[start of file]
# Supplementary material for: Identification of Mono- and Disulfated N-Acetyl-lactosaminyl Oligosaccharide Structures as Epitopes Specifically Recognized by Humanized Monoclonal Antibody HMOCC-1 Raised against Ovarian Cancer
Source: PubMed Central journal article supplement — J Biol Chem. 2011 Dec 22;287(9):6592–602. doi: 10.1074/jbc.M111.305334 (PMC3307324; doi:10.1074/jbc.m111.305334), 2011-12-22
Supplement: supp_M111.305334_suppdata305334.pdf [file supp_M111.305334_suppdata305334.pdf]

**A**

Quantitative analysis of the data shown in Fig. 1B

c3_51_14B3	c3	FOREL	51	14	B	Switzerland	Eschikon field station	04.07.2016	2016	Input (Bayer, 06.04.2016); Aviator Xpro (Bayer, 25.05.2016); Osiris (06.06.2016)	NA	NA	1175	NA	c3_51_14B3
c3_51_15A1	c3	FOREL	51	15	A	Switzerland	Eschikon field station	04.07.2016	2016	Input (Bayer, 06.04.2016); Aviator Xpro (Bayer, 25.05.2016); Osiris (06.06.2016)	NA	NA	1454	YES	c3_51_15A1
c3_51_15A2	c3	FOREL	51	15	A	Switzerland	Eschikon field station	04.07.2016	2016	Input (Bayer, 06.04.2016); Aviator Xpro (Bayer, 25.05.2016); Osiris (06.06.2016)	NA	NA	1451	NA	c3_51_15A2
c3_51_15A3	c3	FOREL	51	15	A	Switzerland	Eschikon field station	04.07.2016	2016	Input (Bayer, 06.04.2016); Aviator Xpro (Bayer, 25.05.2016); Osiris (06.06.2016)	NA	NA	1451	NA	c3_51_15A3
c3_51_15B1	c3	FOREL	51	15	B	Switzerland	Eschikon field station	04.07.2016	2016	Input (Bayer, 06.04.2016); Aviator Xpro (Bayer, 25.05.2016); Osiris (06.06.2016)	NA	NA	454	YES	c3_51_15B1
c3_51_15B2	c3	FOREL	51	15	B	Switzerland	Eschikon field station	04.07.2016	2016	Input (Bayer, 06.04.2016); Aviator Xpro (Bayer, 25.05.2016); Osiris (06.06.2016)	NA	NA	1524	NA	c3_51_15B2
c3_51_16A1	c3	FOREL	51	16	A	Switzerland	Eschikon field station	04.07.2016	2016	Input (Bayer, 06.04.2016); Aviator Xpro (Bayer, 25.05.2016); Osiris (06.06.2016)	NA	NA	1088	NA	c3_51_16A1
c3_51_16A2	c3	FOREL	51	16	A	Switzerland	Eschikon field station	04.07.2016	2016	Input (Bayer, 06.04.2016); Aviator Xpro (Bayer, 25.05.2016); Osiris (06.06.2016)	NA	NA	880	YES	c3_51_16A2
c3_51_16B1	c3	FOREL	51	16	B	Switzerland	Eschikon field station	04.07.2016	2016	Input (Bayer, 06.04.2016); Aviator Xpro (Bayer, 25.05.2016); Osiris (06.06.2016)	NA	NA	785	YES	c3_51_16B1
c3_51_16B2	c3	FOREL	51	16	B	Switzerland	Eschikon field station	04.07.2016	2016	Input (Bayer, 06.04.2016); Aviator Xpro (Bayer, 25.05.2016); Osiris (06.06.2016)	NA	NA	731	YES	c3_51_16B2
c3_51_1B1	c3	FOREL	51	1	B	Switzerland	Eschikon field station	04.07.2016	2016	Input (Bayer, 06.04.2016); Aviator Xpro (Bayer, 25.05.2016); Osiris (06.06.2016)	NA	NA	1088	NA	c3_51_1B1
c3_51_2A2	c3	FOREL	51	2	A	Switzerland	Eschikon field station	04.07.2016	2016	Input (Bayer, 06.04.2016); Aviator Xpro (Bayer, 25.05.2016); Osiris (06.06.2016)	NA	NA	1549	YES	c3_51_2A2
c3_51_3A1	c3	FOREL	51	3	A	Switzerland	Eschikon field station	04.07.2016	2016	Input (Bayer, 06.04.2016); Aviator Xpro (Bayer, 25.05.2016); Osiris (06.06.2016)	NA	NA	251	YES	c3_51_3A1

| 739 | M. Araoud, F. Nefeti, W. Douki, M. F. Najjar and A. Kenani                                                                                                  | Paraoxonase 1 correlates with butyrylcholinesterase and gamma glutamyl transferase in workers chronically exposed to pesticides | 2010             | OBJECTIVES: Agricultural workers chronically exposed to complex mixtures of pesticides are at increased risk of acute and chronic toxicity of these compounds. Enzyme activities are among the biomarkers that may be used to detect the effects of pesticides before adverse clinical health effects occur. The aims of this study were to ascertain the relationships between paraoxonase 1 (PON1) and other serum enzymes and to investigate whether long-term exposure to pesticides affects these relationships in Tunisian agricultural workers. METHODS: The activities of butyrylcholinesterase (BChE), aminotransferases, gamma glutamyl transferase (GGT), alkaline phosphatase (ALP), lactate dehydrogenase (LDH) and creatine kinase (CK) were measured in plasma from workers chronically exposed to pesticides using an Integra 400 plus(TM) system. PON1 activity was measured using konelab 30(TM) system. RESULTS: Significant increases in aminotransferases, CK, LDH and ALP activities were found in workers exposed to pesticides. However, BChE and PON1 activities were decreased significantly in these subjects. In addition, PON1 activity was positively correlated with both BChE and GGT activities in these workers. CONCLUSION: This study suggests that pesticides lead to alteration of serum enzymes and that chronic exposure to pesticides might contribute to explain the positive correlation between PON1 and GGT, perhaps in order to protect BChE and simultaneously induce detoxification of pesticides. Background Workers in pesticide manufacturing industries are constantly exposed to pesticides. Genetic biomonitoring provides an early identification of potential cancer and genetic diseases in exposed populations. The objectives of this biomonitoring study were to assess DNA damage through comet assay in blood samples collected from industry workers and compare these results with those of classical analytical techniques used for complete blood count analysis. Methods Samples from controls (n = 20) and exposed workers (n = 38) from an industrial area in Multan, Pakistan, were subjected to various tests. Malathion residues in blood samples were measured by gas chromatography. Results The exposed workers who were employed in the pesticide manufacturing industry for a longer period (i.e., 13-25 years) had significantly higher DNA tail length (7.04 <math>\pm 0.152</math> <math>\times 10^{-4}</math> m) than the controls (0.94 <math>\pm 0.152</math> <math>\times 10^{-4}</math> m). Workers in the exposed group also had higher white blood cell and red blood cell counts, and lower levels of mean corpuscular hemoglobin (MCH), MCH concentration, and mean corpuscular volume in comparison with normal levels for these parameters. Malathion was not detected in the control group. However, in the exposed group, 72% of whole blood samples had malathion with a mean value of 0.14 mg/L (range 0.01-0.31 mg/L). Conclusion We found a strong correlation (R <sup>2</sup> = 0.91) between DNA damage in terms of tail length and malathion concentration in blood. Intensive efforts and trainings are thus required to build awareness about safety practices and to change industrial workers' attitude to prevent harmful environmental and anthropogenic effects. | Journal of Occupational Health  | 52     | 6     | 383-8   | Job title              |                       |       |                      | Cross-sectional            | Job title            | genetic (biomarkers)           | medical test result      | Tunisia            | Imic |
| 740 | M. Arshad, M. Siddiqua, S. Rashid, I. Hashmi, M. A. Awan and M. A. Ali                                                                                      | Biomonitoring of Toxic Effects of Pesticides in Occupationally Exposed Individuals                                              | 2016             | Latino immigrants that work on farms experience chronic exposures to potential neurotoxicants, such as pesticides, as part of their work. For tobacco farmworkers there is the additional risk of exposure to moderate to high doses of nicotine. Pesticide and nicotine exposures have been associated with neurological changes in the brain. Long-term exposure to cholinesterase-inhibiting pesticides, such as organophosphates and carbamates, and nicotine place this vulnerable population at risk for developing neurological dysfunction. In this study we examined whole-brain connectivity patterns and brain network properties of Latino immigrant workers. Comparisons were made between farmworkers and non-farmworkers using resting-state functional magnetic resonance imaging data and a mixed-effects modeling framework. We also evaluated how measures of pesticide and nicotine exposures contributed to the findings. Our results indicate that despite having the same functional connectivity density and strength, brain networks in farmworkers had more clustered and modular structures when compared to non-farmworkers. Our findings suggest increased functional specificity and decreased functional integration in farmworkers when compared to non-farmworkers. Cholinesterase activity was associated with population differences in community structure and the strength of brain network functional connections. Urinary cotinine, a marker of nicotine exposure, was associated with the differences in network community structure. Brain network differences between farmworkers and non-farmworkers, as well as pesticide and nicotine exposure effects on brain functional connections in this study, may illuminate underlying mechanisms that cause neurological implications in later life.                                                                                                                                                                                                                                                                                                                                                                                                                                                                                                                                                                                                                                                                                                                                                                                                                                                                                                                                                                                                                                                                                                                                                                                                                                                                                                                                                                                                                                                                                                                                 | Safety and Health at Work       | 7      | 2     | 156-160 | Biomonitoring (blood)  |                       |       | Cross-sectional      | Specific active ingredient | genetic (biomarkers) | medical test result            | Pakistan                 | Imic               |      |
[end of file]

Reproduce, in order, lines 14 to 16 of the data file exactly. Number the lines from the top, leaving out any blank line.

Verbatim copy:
c3_51_16B1	c3	FOREL	51	16	B	Switzerland	Eschikon field station	04.07.2016	2016	Input (Bayer, 06.04.2016); Aviator Xpro (Bayer, 25.05.2016); Osiris (06.06.2016)	NA	NA	785	YES	c3_51_16B1
c3_51_16B2	c3	FOREL	51	16	B	Switzerland	Eschikon field station	04.07.2016	2016	Input (Bayer, 06.04.2016); Aviator Xpro (Bayer, 25.05.2016); Osiris (06.06.2016)	NA	NA	731	YES	c3_51_16B2
c3_51_1B1	c3	FOREL	51	1	B	Switzerland	Eschikon field station	04.07.2016	2016	Input (Bayer, 06.04.2016); Aviator Xpro (Bayer, 25.05.2016); Osiris (06.06.2016)	NA	NA	1088	NA	c3_51_1B1